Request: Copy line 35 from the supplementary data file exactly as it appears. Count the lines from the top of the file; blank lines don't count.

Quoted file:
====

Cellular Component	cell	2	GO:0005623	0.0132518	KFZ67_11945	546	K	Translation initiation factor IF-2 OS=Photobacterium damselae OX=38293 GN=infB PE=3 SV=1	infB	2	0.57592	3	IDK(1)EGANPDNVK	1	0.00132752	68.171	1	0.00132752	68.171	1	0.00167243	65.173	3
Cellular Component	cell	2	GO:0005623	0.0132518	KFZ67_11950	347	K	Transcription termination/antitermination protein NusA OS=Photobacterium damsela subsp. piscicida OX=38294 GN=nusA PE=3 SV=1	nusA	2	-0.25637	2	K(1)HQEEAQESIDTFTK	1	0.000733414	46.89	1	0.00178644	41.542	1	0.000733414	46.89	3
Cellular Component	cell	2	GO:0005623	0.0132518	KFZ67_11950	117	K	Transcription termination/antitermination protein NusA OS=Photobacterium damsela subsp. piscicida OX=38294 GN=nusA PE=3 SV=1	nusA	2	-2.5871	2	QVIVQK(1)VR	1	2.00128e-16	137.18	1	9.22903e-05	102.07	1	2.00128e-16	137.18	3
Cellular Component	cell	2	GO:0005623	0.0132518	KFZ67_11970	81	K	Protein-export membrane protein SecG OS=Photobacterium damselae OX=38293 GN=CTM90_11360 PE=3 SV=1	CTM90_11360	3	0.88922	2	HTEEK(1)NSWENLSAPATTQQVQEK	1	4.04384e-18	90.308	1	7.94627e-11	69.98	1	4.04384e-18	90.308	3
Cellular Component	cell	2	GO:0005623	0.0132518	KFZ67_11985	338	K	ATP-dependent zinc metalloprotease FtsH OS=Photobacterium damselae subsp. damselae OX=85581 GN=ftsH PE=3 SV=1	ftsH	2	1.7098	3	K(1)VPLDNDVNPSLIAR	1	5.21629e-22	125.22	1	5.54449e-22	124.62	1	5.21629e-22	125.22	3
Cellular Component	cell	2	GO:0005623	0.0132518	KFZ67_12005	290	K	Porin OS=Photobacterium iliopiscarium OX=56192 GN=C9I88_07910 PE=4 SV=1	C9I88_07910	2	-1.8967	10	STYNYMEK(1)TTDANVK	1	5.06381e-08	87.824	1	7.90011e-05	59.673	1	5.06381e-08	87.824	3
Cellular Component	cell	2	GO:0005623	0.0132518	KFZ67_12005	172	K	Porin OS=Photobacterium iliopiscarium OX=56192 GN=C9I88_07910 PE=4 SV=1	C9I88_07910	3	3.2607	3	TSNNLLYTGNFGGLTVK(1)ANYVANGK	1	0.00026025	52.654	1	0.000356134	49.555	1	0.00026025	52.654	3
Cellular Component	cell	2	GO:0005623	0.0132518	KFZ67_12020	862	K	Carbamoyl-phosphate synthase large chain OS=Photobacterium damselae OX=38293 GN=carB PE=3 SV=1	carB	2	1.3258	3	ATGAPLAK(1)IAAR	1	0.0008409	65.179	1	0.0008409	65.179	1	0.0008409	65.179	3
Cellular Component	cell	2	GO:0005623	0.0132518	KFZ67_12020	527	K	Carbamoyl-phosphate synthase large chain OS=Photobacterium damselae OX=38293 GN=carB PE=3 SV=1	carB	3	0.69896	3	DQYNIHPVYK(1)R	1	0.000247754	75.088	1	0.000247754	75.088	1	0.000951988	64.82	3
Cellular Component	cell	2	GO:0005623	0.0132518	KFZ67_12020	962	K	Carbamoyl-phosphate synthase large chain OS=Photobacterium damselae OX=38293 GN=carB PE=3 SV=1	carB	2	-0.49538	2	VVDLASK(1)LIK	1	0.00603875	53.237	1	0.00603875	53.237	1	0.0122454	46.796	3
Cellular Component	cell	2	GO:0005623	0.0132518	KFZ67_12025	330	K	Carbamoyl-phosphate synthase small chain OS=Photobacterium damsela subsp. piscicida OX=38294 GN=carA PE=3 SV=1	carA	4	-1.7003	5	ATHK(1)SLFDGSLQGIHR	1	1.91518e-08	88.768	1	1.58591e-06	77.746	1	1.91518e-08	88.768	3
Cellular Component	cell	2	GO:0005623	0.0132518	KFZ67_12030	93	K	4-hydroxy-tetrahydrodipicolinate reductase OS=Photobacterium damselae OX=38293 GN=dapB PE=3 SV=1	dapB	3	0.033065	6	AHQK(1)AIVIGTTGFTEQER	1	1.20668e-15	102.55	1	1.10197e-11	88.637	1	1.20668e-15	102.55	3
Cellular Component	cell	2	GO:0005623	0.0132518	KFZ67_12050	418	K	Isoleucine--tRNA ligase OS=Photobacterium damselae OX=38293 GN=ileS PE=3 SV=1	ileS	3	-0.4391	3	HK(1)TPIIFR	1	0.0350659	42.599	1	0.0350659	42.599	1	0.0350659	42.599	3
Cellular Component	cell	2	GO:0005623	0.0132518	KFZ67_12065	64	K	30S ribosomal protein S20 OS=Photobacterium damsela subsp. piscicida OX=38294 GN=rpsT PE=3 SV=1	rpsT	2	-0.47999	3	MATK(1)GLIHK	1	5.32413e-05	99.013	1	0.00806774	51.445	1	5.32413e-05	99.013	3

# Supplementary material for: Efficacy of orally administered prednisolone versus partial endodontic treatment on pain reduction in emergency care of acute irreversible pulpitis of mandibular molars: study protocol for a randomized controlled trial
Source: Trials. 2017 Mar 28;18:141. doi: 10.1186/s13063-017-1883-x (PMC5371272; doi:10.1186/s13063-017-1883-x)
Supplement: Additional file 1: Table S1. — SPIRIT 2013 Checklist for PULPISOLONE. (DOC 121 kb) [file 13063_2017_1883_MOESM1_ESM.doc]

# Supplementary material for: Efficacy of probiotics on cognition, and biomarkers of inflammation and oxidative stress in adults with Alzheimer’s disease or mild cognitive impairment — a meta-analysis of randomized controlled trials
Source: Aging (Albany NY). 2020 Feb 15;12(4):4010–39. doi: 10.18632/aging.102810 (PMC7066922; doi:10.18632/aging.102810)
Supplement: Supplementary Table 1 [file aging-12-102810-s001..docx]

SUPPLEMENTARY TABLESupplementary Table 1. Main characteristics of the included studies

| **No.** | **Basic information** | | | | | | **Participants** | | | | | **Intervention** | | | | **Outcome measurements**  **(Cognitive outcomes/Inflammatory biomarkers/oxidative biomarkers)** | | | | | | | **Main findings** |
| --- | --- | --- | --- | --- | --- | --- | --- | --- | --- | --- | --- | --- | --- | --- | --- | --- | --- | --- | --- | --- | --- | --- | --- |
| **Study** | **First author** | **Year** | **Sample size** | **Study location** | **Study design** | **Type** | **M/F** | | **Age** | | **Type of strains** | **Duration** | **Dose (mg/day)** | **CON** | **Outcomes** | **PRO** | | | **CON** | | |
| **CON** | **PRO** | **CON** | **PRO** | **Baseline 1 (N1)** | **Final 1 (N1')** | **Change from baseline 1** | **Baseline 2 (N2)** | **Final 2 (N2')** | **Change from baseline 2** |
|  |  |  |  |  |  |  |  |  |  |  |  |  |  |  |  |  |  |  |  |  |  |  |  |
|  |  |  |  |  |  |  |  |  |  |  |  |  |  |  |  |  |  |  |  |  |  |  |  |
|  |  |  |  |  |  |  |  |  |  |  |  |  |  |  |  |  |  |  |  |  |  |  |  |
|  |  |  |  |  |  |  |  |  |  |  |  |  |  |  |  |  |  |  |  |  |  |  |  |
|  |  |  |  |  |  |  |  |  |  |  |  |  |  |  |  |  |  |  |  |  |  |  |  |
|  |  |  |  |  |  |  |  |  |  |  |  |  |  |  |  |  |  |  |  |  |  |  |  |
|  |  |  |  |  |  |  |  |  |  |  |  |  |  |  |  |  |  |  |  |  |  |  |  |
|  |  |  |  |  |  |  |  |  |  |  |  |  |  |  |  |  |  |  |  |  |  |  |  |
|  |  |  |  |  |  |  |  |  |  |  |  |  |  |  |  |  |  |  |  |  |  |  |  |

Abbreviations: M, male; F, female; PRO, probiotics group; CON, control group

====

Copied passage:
Abbreviations: M, male; F, female; PRO, probiotics group; CON, control group